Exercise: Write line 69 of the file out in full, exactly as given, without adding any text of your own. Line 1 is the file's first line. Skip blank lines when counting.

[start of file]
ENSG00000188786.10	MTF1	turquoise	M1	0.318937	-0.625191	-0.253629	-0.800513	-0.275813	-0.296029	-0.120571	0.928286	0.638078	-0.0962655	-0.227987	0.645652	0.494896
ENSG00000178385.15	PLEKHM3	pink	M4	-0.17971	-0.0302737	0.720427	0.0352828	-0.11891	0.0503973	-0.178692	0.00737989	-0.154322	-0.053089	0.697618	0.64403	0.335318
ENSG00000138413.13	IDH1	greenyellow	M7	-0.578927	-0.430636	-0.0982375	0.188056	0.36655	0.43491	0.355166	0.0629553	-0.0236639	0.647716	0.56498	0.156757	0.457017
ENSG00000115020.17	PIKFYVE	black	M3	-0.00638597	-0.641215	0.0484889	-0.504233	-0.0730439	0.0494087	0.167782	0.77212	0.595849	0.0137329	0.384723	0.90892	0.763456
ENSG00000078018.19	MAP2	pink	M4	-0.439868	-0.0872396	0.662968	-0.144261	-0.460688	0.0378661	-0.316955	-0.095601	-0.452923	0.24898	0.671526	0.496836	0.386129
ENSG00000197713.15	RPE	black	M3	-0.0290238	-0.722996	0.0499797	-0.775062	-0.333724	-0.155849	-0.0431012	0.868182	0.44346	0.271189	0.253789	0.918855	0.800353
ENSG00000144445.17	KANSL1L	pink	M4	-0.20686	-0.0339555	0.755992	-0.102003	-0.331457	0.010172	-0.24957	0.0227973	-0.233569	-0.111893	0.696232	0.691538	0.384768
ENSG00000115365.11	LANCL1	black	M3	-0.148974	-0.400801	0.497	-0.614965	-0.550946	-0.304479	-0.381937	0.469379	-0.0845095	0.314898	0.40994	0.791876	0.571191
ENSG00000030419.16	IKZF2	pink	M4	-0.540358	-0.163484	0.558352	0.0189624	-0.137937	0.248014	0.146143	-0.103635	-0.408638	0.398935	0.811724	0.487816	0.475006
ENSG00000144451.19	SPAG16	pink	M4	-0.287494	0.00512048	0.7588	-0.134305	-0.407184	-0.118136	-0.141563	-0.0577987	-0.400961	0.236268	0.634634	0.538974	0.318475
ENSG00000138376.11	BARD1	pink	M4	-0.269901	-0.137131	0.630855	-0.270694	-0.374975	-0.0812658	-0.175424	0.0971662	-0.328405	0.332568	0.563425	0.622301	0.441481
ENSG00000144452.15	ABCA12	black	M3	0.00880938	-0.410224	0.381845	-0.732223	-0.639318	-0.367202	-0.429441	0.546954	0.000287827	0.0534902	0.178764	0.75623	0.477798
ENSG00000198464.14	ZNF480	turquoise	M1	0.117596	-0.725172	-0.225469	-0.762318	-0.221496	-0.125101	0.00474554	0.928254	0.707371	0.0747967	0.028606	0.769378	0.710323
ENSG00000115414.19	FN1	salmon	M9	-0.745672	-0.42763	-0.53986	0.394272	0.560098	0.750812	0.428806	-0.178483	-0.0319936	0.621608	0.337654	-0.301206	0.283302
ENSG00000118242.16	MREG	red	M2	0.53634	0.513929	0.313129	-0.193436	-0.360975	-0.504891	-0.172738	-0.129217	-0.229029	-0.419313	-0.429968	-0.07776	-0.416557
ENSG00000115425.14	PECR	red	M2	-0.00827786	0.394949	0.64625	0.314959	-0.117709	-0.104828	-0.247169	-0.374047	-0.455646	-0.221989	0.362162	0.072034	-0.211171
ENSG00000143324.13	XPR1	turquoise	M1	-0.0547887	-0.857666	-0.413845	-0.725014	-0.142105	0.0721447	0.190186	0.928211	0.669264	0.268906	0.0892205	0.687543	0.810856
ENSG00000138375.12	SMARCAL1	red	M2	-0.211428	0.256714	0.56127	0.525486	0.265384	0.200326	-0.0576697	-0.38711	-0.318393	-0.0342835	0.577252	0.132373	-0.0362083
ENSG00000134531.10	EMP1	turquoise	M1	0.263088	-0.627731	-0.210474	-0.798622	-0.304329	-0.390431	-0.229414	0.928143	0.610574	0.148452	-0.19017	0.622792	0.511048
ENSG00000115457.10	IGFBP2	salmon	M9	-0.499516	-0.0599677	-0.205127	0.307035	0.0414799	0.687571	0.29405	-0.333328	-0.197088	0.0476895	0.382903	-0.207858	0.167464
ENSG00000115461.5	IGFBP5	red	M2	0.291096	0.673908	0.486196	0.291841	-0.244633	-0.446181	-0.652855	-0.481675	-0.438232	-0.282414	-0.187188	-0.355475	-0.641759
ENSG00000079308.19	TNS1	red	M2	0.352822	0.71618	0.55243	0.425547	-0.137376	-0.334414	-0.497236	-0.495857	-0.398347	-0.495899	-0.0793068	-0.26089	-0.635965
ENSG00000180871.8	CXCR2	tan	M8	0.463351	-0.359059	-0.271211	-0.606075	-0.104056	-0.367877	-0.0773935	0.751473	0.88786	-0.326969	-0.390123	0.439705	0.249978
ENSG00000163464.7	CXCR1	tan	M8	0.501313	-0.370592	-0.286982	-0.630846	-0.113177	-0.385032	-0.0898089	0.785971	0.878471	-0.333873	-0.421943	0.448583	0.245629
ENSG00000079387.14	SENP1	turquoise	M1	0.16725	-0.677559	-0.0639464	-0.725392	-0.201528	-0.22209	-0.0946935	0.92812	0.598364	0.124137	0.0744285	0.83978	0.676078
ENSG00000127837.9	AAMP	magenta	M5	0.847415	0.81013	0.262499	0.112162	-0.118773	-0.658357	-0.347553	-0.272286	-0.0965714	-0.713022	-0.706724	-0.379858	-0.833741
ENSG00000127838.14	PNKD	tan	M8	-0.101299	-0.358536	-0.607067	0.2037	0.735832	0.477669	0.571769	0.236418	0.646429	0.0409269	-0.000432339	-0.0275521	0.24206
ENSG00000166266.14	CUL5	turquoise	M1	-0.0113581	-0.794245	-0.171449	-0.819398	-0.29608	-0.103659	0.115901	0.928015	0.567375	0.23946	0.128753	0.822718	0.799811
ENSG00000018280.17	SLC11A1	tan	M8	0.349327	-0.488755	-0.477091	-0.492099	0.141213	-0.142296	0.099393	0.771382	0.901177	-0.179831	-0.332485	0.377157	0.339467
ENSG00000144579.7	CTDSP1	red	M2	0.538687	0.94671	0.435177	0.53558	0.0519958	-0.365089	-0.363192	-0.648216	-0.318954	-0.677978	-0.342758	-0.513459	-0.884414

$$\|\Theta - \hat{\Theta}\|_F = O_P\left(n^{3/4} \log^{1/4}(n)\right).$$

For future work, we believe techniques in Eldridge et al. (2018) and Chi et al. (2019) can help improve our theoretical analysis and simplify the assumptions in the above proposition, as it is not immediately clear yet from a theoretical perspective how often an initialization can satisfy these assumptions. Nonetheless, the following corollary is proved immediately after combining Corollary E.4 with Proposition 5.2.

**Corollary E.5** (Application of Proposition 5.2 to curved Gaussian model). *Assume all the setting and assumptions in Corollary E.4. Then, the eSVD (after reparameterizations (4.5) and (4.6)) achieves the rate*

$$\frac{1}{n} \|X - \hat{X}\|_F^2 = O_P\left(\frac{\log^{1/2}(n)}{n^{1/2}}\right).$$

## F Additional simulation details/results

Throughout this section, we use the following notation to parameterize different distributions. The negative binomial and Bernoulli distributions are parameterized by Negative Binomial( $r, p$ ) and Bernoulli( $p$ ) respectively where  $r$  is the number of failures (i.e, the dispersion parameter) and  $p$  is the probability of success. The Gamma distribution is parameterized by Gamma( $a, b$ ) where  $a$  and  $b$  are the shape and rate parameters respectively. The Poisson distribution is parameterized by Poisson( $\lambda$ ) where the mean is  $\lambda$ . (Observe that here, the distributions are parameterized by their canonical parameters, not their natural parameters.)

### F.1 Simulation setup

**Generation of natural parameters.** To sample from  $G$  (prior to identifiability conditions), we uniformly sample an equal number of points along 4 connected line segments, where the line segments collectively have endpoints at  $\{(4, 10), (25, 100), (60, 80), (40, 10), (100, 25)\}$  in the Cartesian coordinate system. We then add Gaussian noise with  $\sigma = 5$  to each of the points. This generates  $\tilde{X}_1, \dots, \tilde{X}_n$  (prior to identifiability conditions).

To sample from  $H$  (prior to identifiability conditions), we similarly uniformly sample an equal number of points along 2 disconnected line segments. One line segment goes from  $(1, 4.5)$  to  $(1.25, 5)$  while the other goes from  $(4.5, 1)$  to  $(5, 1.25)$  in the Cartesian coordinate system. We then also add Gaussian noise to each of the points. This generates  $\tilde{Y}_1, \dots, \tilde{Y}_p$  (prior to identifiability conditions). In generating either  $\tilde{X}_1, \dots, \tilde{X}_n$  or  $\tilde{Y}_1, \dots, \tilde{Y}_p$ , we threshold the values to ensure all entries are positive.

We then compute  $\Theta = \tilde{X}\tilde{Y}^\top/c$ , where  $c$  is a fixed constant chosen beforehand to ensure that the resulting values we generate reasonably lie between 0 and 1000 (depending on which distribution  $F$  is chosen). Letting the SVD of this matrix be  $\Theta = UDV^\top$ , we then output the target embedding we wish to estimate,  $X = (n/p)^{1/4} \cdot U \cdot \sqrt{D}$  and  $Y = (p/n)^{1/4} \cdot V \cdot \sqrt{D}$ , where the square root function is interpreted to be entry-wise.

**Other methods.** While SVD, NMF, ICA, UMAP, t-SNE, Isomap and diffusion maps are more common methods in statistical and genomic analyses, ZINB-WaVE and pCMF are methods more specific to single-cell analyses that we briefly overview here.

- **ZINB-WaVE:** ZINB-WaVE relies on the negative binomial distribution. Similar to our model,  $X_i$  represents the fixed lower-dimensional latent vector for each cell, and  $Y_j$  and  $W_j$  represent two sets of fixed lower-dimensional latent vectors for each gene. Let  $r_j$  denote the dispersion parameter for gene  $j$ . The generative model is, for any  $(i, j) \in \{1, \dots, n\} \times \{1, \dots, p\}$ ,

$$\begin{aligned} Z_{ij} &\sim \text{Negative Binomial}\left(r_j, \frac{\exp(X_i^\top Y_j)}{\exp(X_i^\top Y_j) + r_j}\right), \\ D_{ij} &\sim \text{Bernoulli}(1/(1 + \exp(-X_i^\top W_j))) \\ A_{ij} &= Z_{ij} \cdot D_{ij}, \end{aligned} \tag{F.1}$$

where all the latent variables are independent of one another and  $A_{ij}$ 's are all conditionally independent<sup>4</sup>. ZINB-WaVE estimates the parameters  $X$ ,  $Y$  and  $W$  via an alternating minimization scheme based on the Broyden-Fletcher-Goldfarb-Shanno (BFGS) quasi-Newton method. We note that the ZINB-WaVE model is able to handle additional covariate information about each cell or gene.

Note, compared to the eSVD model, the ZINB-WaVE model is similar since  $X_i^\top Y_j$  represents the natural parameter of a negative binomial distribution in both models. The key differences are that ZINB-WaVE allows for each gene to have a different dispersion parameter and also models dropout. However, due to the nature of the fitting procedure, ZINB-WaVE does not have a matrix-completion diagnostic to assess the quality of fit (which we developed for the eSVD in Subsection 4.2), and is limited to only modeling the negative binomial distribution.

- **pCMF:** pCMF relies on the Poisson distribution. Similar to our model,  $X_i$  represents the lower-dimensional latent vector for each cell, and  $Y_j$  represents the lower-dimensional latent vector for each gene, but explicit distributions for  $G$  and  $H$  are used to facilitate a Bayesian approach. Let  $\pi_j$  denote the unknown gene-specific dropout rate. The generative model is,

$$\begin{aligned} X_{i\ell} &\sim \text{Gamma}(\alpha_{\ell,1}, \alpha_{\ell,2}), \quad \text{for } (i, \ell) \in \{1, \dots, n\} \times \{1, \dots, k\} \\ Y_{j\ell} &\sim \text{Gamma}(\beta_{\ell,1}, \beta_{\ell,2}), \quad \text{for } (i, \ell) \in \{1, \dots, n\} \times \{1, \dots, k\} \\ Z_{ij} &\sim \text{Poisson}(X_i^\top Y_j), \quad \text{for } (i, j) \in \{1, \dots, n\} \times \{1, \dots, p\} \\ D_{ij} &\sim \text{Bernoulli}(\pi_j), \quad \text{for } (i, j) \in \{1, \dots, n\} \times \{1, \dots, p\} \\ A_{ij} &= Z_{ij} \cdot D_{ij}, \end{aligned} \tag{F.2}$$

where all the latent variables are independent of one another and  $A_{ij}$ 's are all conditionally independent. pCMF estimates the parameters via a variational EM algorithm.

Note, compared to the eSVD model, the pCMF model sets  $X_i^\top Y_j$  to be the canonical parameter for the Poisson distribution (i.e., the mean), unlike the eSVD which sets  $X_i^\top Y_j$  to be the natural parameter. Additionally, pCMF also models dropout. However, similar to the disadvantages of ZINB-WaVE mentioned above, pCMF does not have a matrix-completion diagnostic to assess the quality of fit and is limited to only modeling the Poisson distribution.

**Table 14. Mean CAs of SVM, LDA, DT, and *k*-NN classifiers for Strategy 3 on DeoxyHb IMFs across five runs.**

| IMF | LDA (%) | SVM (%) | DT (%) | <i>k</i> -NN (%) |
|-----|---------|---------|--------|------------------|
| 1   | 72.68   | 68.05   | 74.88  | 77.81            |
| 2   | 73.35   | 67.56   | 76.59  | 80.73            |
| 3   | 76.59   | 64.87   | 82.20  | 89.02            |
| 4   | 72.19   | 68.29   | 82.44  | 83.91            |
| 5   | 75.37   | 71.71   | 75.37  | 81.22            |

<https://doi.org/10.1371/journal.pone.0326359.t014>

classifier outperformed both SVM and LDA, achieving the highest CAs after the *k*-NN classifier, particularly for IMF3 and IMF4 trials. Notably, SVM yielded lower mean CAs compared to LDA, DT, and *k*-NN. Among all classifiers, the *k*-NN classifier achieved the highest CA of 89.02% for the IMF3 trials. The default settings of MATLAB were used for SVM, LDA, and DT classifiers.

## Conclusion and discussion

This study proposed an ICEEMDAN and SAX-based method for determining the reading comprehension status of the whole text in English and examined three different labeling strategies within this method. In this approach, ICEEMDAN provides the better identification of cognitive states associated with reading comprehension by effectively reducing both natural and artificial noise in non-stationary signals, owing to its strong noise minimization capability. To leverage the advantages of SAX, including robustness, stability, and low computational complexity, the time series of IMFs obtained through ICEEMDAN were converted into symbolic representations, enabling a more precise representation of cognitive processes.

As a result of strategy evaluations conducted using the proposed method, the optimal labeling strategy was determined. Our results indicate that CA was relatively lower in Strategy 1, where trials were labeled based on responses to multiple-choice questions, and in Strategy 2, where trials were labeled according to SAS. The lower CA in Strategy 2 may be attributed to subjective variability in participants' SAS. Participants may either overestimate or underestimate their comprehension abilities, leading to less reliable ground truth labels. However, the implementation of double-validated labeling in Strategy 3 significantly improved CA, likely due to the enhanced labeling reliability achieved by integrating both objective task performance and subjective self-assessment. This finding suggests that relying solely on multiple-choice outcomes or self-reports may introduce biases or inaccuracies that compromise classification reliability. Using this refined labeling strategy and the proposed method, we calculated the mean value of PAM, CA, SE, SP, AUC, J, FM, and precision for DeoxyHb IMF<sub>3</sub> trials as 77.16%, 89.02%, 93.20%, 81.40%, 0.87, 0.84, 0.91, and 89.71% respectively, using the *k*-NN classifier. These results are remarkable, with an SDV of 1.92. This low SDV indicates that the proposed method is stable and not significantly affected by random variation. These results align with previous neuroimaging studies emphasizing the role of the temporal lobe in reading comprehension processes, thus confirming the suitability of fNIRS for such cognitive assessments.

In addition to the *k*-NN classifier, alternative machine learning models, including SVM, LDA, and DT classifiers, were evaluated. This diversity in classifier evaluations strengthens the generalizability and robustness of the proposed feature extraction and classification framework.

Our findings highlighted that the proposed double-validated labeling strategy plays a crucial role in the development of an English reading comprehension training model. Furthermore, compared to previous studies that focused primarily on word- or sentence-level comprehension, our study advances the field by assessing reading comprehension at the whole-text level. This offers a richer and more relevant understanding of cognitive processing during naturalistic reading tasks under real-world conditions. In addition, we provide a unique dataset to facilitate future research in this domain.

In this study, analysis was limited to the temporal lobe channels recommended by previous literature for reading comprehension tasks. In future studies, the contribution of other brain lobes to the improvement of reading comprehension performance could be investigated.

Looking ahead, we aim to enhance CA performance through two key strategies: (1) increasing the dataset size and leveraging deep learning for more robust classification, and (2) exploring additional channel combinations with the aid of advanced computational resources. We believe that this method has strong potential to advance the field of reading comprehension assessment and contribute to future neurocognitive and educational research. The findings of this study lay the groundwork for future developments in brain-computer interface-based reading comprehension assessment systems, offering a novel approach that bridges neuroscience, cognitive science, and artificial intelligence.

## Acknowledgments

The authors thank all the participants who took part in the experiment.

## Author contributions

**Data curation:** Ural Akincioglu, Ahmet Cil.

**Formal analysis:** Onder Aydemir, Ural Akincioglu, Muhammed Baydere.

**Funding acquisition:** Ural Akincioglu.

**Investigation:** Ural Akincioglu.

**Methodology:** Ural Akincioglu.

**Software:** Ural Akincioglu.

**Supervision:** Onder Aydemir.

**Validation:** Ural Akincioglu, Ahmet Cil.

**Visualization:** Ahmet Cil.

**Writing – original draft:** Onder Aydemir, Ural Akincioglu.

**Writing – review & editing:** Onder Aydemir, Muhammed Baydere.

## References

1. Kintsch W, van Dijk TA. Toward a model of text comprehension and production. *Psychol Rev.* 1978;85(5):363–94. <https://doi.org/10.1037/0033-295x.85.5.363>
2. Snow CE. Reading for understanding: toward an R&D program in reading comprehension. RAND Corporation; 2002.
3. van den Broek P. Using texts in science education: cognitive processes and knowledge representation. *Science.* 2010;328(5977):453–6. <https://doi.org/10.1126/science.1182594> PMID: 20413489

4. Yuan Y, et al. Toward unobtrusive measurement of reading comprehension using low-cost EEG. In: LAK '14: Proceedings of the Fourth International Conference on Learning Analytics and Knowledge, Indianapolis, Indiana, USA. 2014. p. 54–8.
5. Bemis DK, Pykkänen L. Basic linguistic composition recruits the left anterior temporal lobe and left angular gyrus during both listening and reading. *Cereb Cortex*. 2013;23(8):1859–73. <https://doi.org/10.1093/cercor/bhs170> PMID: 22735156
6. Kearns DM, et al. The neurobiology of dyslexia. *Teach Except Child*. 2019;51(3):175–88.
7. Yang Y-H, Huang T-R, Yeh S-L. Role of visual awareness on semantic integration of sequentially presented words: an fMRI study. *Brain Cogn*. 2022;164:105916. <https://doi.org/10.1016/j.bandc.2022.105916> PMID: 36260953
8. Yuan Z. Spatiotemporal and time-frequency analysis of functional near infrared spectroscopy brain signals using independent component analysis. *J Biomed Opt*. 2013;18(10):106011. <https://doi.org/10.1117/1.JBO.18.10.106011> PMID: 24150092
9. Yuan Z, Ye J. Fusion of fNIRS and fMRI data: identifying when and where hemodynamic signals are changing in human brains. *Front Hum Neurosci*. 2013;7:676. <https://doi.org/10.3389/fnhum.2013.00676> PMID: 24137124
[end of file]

## Author contributions